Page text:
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Robotic surgeons: helping or hurting patients in Connecticut?


Posted by Thomas Pettinicchi of D'Amico & Pettinicchi, LLC on Apr 16, 2013 in Surgical Errors

Innovations are constantly being developed to make medical procedures safer, faster, better and more cost-effective. In general, new products and technologies are thoroughly tested to make sure that they are safe and valuable. Unfortunately, many times the actual effectiveness of a new system is not fully realized until it has been used or performed in real hospitals on real patients.

Too often, these patients end up being victims of a surgical error or medical mistake. New processes may perform well in theory or in experiments, but it is not until they are utilized in real-world environments that they may start to show some flaws.

One relatively new technology that has been adopted widely in a number of hospitals across Connecticut and nationwide is robotic surgeons. These da Vinci robots are operated by human doctors, who have stated that they like using the robot during certain invasive surgical procedures. Surgeons who use the robot can reportedly avoid excessive bleeding and see much better during a surgery. Anecdotally, doctors also believe patients suffer through less pain after procedures performed using a da Vinci robot.

However, recent reports indicate that these robots may not be as impressive as previously thought. Doctors can still make mistakes during a surgery, which the robot will also perform. And at least one surgeon has questioned whether or not hospitals adopted the da Vinci robots too quickly and without more extensive evaluation. Despite a number of safety features, the robots have reportedly malfunctioned during surgery. The Food and Drug Administration has received hundreds of complaints about the performance of the robots. Whether these issues are attributed to the human or robot involved in a procedure remains to be confirmed.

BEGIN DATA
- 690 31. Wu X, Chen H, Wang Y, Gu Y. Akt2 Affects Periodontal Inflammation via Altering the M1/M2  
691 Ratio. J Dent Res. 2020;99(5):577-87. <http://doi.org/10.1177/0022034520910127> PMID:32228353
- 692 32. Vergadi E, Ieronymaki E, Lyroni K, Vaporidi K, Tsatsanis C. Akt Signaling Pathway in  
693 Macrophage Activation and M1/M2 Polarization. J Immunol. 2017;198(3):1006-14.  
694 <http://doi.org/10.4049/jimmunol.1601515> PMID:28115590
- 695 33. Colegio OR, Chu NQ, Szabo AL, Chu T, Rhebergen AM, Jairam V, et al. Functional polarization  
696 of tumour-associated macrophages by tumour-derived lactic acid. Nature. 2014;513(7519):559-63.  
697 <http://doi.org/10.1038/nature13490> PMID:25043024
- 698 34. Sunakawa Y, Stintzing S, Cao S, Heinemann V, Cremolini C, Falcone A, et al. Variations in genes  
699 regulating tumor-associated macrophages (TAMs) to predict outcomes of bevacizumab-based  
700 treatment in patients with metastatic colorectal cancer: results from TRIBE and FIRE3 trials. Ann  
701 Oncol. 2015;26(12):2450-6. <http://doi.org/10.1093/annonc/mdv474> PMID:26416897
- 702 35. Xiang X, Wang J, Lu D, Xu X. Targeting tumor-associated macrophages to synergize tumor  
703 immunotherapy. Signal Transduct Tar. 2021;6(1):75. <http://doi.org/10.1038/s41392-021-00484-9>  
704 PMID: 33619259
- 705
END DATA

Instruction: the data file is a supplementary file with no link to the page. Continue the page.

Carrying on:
Patients may not always be fully informed of what to expect during a surgical procedure. This can create a sense of unease and anxiety, especially when a mistake has been made during surgery. Victims of these incidents have the right to hold a negligent or reckless surgeon responsible for the damages that have been experienced as a result of a medical error.

Source: The Sentinel, "FDA examines robotic surgery after hundreds of reports of problems," Naomi Creason, April 9, 2013